The pool of ELB IP addresses initially contains one IP address. More precisely, this pool initially consists of one ELB machine per availability zone that your ELB is configured to serve. This can be inferred from this page  in the ELB documentation, which states that “Incoming traffic is load balanced equally across all Availability Zones enabled for your load balancer”. I posit that this behavior is implemented by having each ELB machine serve the EC2 instances within a single availability zone. Then, multiple availability zones are supported by the ELB having in its pool at least one ELB machine per enabled availability zone. Update April 2010: An availability zone that has no healthy instances will not receive any traffic. Previously, the traffic would be evenly divided across all enables availability zones regardless of instance health, possibly resulting in 404 errors. Recent upgrades to ELB no longer exhibit this weakness.

Back to the scalability of the ELB machine pool. According to AWS folks in the forums. this pool is grown in response to increased traffic reaching the ELB IP addresses already in the pool. No precise numbers are provided, but a stream of gradually-increasing traffic over the course of a few hours should cause ELB to grow the pool of IP addresses behind the ELB DNS name. ELB grows the pool proactively in order to stay ahead of increasing traffic loads.

How does ELB decide which IP address to serve to a given client? ELB varies the chosen address “from time to time”. No more specifics are given. However, see below for more information on making sure you are actually using the full pool of available ELB IP addresses when you test ELB.

Back-End Instance Connection Distribution

Each ELB machine can pass through client connections to any of the EC2 instances in the ELB pool within a single availability zone. According to user reports in other forum posts, clients from a single IP address will tend to be connected to the same back-end instance.  According to AWS ELB does round-robin among the least-busy back-end instances, keeping track of approximately how many connections (or requests) are active at each instance but without monitoring CPU or anything else on the instances. It is likely that earlier versions of ELB exhibited some stickiness, but today the only way to ensure stickiness is to use the Sticky Sessions feature.

How much variety is necessary in order to cause the connections to be fairly distributed among your back-end instances? AWS says that “a dozen clients per configured availability zone should more than do the trick”. Additionally, in order for the full range of ELB machine IP addresses to be utilized, “make sure each [client] refreshes their DNS resolution results every few minutes.”

How to Test ELB

Let’s synthesize all the above into guidelines for testing ELB:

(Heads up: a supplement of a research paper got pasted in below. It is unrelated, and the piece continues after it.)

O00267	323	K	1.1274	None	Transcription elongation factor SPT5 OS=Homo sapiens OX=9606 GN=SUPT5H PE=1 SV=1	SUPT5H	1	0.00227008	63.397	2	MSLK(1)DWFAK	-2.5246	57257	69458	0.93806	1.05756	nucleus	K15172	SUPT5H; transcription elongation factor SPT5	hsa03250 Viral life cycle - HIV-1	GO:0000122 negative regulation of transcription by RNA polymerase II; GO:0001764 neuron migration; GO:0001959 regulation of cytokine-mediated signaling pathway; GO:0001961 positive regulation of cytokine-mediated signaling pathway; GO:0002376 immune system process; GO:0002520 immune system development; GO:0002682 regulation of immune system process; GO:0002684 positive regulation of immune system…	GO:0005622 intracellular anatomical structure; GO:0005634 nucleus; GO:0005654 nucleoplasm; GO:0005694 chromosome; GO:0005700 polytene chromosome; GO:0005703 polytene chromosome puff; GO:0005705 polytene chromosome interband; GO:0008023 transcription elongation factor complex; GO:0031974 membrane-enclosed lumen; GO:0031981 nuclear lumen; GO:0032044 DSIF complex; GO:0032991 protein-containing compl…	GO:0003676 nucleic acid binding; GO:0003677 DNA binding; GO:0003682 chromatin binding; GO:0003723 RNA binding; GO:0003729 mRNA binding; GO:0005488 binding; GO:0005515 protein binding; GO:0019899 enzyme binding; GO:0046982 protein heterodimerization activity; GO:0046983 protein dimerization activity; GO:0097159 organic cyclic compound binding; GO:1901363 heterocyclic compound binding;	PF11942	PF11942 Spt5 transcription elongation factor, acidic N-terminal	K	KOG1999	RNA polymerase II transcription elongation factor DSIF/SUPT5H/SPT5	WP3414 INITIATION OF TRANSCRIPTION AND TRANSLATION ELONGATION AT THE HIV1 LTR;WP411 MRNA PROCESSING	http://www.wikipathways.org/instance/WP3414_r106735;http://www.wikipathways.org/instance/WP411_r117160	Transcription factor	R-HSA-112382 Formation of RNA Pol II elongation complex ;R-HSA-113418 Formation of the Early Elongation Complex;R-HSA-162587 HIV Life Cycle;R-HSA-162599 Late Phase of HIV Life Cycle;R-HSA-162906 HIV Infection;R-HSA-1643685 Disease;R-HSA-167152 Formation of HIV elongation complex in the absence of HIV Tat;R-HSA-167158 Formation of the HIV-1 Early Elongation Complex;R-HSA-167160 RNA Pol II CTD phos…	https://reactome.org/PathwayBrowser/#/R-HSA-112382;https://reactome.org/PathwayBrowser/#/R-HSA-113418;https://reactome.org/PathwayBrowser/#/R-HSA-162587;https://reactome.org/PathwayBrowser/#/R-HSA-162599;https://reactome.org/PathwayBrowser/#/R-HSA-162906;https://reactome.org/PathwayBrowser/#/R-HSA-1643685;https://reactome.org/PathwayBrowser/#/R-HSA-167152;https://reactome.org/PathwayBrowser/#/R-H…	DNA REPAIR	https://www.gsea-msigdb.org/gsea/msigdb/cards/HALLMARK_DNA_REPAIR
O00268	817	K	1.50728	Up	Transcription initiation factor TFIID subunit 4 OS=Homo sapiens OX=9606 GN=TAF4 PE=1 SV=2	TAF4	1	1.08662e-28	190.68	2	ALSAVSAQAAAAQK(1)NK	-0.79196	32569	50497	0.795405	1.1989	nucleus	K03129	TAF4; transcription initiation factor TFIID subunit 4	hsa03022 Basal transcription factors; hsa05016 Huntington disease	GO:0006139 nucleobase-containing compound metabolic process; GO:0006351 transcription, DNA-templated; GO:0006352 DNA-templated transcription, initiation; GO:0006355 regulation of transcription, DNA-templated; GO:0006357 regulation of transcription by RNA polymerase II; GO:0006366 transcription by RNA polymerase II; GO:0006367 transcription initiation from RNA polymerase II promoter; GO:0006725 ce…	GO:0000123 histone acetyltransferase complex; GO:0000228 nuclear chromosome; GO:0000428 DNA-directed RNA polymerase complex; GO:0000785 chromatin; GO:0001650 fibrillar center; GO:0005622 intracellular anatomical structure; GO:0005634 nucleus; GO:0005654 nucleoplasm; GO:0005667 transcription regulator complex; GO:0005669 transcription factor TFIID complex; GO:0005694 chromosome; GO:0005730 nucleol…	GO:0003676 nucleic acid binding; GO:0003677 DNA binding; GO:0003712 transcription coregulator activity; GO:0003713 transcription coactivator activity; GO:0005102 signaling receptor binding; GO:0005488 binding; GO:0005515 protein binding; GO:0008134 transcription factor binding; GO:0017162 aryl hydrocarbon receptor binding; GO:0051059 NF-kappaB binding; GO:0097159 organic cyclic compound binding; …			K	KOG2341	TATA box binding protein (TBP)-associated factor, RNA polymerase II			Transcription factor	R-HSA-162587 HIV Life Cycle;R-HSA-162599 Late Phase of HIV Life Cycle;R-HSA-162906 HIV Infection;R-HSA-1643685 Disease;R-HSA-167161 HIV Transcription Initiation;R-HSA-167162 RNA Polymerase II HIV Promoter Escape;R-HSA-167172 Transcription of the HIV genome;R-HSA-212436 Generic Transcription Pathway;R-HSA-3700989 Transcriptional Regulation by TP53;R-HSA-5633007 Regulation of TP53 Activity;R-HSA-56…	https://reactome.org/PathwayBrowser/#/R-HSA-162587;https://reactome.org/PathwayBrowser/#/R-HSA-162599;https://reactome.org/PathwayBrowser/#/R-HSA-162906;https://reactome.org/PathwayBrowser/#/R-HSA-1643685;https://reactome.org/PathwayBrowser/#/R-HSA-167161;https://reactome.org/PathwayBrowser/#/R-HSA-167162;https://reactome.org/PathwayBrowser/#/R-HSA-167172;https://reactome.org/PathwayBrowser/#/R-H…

1. Test clients should use the ELB DNS name, ideally via a CNAME alias in your domain. Make sure to perform a DNS lookup for the ELB DNS name every few minutes. If you are using Sun’s Java VM you will need to change the system property to be different than the default value of -1, which causes DNS lookups to be cached until the JVM exits. 120 (seconds) is a good value for this property for ELB test clients. If you’re using IE 7 clients, which cache DNS lookups for 30 minutes by default, see the Microsoft-provided workaround to set that cache timeout to a much lower value.
Update 14 August 2008. If your test clients cache DNS lookups (or use a DNS provider that does this) beyond the defined TTL, traffic may be misdirected during ramp-up or ramp-down. See my article for a detailed explanation.
  • One test client equals one public IP address. ELB machines seem to route all traffic from a single IP address to the same back-end instance, so if you run more than one test client process behind a single public IP address, ELB regards these as a single client.
  • Use 12 test clients for every availability zone you have enabled on the ELB. These test clients do not need to be in different availability zones – they do not even need to be in EC2 (although it is quite attractive to use EC2 instances for test clients). If you have configured your ELB to balance among two availability zones then you should use 24 test clients.
  • Each test client should gradually ramp up its load over the course of a few hours. Each client can begin at (for example) one connection per second, and increase its rate of connections-per-second every X minutes until the load reaches your desired target after a few hours.
  • The mix of requests and connections that each test client performs should represent a real-world traffic profile for your application. Paul@AWS recommends the following:

    In general, I’d suggest that you collect historical data or estimate a traffic profile and how it progresses over a typical (or perhaps extreme, but still real-world) day for your scenario. Then, add enough headroom to the numbers to make you feel comfortable and confident that, if ELB can handle the test gracefully, it can handle your actual workload.

    The elements of your traffic profile that you may want to consider in your test strategy may include, for example:

    • connections / second
    • concurrent connections
    • requests / second
    • concurrent requests
    • mix of request sizes
    • mix of response sizes
  • Use the above guidelines as a starting point to setting up a testing environment that exercises you application behind an ELB. This testing environment should validate that the ELB, and your application instances, can handle the desired load.

    A thorough understanding of how ELB works can go a long way to helping you make the best use of ELB in your architecture and toward properly testing your ELB deployment. I hope this article helps you design and test your ELB deployments.


    Category: Forex